To create and star in an eponymous television show before age 30 seems like the kind of thing aspiring creators write on a Post-it Note and stick to their mirrors to stay motivated; few get there at all, let alone with as much success as Ramy Youssef, whose Hulu and A24 hit “Ramy” has turned a pipe dream into a reality long in the making.
“The first thing I ever saved up all my birthday and holiday money for in third or fourth grade was a camera,” Youssef says over Zoom on an early July afternoon in Los Angeles. “I would follow the mailman in my neighborhood in Jersey and I’d narrate a made-up plot that he was doing something shady. It was just kind of messing around.”
What began for the now Golden Globe–winning multihyphenate as writing pretend stories about people in his hometown of Rutherford, New Jersey, and piecing together footage on his grandparents’ computer with Windows Movie Maker evolved into using “Saturday Night Live” references and a local TV station to start creating with his high school friends.
In those early days, he remembers his “writing process” being more about what made him and his friends laugh; while Youssef commuted into New York City to perform at the Peoples Improv Theater, they’d write morning announcements for the school and comedy sketches back in Jersey. “It would be us taking a small premise and really stretching it and turning it into something. I think we had a whole sketch about farts, where somebody does a silent but deadly fart and we all die.”
Looking at Youssef now, the throughline from his humble beginnings to his success creating the first American single-camera comedy centered on a Muslim Arab family is inspiring for any young creative to follow.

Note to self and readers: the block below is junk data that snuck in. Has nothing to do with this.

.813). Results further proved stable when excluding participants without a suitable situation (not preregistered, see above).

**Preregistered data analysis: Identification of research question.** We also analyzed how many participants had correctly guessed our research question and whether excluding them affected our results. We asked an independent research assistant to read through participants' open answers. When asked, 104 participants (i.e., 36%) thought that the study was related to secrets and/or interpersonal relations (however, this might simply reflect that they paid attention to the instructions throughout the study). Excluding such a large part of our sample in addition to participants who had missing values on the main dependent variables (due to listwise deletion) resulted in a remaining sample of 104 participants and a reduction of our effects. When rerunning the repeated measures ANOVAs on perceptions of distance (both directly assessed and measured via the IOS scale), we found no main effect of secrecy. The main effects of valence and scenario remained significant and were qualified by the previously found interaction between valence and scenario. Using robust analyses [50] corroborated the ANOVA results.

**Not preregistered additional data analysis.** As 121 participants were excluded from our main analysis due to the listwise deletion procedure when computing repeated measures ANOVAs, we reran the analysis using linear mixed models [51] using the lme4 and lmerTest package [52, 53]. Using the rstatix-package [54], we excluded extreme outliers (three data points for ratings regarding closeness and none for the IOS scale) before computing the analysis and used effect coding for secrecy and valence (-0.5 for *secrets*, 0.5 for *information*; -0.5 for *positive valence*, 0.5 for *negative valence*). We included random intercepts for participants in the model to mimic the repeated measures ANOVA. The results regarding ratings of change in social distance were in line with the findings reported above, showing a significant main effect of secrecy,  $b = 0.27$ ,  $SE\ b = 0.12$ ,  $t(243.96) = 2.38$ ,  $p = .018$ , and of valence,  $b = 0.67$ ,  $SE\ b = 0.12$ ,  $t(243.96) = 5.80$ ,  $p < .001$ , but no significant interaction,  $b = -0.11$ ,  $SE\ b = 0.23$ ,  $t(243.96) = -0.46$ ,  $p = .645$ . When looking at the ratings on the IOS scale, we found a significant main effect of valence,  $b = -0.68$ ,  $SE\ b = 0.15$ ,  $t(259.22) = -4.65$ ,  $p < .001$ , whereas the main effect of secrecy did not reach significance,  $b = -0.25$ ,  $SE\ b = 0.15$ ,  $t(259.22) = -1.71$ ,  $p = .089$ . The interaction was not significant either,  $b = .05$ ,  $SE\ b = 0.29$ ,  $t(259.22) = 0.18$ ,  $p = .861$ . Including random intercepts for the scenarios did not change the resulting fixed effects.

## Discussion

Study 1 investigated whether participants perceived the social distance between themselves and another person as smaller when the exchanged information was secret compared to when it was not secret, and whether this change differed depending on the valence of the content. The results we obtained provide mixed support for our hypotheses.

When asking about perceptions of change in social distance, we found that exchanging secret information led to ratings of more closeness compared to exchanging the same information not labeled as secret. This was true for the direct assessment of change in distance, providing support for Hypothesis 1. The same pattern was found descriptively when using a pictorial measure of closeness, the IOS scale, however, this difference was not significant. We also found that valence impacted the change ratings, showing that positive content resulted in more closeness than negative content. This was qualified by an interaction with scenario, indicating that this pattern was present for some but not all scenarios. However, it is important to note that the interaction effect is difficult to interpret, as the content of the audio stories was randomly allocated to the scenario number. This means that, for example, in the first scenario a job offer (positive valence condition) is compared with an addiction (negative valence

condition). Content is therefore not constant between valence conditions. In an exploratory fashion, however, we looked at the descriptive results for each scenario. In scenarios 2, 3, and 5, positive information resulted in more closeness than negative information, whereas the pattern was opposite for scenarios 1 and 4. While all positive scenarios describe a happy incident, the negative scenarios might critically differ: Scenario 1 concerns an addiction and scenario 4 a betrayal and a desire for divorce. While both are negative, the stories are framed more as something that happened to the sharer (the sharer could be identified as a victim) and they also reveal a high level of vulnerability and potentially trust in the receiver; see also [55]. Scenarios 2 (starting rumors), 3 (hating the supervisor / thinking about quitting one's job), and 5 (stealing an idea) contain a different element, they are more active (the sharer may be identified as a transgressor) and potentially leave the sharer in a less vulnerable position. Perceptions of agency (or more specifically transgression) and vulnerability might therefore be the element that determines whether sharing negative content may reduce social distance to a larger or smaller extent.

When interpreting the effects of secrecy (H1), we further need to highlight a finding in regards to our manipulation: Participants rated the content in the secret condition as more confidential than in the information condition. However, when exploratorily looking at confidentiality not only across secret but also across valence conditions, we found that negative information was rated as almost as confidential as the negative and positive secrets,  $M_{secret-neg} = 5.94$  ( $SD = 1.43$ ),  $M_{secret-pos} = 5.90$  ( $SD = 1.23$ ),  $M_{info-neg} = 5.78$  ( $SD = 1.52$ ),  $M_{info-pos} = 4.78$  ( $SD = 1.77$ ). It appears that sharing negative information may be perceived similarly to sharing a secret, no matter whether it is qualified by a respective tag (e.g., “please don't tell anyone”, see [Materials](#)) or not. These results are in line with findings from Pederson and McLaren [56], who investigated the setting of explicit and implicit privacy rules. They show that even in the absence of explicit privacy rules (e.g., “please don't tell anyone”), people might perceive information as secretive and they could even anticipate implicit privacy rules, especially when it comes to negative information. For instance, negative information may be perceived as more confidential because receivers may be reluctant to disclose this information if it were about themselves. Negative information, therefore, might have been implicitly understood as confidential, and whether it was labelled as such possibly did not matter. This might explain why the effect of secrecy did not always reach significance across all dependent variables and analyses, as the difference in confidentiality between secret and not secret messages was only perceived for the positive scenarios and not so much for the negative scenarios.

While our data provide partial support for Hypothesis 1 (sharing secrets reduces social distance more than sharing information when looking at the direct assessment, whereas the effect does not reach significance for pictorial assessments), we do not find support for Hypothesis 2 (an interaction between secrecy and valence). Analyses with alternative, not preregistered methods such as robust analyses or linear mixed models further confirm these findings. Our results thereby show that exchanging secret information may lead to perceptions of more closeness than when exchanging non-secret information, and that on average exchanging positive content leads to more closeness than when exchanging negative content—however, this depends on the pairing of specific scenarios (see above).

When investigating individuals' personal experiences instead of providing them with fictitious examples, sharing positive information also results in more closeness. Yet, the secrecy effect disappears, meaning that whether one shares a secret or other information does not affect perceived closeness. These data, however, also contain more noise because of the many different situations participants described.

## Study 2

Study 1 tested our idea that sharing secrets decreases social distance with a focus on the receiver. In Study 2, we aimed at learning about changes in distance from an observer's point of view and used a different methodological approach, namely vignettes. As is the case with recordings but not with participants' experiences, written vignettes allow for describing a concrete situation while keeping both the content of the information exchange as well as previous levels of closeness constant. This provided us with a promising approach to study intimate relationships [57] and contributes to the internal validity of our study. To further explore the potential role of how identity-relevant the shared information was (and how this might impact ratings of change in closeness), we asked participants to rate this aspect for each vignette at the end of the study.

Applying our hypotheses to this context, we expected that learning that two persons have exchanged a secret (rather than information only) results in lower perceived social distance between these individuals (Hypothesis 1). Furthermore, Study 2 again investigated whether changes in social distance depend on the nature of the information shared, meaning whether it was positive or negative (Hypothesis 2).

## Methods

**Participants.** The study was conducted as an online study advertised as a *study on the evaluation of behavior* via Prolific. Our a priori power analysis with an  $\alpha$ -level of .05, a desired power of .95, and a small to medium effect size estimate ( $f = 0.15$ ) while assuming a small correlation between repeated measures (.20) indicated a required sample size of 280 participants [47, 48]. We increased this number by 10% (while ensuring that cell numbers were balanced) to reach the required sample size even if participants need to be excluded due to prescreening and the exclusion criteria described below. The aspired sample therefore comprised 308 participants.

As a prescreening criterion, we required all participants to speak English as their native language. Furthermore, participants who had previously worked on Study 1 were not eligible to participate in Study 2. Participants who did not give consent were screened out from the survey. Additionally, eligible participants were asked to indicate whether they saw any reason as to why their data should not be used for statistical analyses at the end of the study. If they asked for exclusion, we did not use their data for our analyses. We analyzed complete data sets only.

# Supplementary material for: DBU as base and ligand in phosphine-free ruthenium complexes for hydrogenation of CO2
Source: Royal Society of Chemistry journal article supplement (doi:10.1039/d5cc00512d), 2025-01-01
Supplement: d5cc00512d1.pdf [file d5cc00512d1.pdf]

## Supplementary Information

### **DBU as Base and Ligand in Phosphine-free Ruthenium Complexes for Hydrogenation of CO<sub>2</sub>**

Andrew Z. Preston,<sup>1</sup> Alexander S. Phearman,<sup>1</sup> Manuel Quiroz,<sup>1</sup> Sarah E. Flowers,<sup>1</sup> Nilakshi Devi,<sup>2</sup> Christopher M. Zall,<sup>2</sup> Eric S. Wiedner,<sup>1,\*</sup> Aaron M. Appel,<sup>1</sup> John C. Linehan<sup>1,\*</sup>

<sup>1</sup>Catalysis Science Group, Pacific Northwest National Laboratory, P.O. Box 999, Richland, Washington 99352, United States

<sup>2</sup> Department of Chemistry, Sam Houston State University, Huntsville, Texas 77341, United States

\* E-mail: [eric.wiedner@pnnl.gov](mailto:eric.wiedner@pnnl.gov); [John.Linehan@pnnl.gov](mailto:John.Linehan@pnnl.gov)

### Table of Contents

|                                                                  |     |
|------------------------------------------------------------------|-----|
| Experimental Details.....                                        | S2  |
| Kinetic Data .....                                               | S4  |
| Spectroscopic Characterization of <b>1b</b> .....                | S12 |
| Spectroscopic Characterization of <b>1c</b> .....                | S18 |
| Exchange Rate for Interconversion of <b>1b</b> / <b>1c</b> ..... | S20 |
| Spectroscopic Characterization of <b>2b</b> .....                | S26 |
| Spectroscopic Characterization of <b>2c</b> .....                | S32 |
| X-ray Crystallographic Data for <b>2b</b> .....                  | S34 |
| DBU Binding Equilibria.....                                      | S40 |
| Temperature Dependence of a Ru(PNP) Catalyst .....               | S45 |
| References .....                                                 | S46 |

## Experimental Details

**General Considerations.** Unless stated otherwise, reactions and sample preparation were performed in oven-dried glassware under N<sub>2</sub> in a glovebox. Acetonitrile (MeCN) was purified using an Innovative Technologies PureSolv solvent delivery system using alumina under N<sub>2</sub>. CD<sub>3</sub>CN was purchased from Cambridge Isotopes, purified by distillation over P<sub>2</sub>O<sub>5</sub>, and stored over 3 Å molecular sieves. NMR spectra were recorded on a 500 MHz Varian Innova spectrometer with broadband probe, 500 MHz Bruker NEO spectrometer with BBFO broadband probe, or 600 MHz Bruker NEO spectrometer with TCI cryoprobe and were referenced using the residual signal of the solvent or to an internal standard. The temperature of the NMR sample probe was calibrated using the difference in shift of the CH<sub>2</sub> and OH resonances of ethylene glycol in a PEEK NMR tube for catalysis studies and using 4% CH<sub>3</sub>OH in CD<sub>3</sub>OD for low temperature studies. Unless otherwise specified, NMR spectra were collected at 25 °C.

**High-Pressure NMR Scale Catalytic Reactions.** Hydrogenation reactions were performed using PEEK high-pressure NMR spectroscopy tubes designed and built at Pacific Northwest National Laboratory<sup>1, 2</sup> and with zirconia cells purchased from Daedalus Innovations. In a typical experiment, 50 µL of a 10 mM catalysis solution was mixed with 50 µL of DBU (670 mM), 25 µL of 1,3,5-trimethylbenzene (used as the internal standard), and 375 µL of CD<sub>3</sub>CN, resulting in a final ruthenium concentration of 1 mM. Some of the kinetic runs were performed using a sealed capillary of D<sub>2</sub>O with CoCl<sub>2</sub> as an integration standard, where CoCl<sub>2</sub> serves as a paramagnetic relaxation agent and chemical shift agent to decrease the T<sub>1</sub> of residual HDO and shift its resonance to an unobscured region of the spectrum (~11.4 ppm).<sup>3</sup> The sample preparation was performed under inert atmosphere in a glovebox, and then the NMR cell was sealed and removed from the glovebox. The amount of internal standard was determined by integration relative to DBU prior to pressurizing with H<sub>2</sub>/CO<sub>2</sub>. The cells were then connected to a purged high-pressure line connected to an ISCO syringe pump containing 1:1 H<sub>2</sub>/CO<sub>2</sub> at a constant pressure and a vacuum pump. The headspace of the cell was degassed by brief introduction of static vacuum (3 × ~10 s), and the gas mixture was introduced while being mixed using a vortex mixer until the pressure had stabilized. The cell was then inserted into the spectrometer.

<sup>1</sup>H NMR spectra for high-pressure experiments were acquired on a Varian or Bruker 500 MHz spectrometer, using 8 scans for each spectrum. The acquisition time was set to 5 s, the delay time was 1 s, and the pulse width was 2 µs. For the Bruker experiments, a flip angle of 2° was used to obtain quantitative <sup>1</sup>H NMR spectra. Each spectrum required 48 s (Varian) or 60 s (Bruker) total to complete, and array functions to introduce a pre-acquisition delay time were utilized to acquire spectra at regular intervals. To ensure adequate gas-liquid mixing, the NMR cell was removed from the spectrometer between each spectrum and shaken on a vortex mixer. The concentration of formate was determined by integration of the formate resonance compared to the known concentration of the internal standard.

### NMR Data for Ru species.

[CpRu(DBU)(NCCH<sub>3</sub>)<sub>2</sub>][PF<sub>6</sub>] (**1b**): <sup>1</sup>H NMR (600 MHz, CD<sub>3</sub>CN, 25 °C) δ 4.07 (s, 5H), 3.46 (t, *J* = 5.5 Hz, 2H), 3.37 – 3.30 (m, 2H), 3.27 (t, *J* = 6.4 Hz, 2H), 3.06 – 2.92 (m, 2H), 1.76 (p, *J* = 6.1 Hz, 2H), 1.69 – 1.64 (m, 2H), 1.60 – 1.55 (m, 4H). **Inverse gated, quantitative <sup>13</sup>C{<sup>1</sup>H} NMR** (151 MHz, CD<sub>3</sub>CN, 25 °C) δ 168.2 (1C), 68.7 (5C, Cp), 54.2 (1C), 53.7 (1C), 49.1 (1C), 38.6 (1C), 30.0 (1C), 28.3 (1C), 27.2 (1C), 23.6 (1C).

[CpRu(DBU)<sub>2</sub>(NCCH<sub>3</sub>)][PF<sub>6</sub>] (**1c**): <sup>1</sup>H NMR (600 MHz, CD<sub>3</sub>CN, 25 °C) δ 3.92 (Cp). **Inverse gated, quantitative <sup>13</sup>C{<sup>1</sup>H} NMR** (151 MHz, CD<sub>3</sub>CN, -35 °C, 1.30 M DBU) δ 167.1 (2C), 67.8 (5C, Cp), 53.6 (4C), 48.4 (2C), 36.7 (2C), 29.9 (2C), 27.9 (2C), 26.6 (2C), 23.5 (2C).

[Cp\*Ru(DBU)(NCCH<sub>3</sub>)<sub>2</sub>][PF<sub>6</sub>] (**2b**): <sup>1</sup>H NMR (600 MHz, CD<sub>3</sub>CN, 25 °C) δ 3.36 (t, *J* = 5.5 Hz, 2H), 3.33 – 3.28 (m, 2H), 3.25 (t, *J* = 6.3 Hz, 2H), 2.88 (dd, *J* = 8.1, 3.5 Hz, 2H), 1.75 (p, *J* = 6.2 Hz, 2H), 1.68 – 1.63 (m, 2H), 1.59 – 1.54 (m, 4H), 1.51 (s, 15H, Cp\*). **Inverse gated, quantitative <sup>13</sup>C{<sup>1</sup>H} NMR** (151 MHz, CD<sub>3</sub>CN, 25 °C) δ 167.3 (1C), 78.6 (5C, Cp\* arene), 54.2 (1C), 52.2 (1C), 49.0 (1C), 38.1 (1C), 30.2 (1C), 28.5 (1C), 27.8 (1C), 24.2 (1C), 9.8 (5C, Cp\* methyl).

“In the beginning years of comedy, you’re doing a lot of what you think is funny or what you think comedy should be,” he explains. “You’re tapping into a perception as opposed to what you actually care about and want to do.” It’s a natural inclination he highlights as a valid part of the process for getting a sense of yourself comedically, but “you end up shedding it,” he says. “If you do it long enough and you’re doing it honestly, you get to what you really want to get into.”
Youssef had the idea for what “Ramy” would become once he leaned into the personal and specific. “I probably started talking about sex and then started talking about faith and realized how those two were playing off of each other for me,” he recalls; from there, he knew that if he could “get a foot in the door,” situating that scenario within the lives of a realistic Muslim family was what he wanted to see, regardless of format.
On “Ramy,” Youssef plays 20-something Ramy Hassan, a Muslim first-generation Egyptian American growing up in New Jersey with his immigrant parents. The creator finds a lot of the show’s comedy in the tension between Ramy’s secular and religious tendencies, his struggles with his identity as a Muslim man with his family and the familiar fumblings of life in America as a young person.